“It’s an icon in the community, and they’re in a historical building,” stated Jill Prestup, president of the board of directors of the Venice Historical Society. “We are thrilled that they were able to get their lease extended.”

The Old Venice City Hall, as some call it, was built nearly a hundred years ago, when Venice was a separate incorporated city.

After Venice became part of the City of Los Angeles in the mid-1920s, the former Venice City Hall was used for various Los Angeles city offices through the years, but by the late 1970s all city offices in the building had been moved out and the building was empty and deteriorating.

Beyond Baroque has occupied the building since May 1979, when the organization’s founder and then-president, George Drury Smith, obtained the first lease of the building from the city.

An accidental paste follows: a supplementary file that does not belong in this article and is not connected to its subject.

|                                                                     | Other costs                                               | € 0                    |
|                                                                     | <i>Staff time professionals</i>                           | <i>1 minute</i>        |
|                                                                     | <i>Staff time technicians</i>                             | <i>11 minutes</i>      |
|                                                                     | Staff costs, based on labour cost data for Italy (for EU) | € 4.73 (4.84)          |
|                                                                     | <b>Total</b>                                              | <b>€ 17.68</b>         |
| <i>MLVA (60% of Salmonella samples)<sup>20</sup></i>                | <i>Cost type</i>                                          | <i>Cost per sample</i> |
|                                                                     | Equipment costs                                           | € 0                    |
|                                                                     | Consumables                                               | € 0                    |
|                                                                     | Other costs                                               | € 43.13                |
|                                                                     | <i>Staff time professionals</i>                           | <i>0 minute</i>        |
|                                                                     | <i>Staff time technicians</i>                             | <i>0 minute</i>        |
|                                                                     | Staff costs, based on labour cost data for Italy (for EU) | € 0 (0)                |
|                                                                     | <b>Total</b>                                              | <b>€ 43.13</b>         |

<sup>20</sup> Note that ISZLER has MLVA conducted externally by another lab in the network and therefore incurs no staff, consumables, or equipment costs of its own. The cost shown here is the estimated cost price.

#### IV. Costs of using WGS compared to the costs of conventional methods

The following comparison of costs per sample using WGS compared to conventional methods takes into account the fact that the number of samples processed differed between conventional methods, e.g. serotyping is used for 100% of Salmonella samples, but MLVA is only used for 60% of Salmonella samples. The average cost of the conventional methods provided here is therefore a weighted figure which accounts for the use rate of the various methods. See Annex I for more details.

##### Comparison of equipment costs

At the March 1st poetry reading, the mood at Beyond Baroque was understandably upbeat. For Kelly Kimble, the knowledge that the well-known artistic locale was no longer in danger of losing its lease meant that she still has a place where creative expression is welcomed, encouraged and nurtured.

“I utilize the free workshops here, and there’s a great community of artists here who share a vision,” said Kimble, a writer and poet who volunteered at the March 1st poetry reading. “That is why I come here, and that’s why I love to give back, by volunteering and helping out at different events.”

“We stand shoulder-to-shoulder with this institution and support it in every regard,” added Dumisani.

Dewey credited Beyond Baroque’s steering committee, Suzanne Thompson, with Linda Lucks, Rick Tuttle and board members Amelie Frank, Brooks Roddan, and Richard Modiano for their hard work in battling to save the arts center.

As concerned as he was about the lease, Dewey said that he was always confident that Beyond Baroque, in the end, would prevail.

“We couldn’t afford to lose,” he concluded.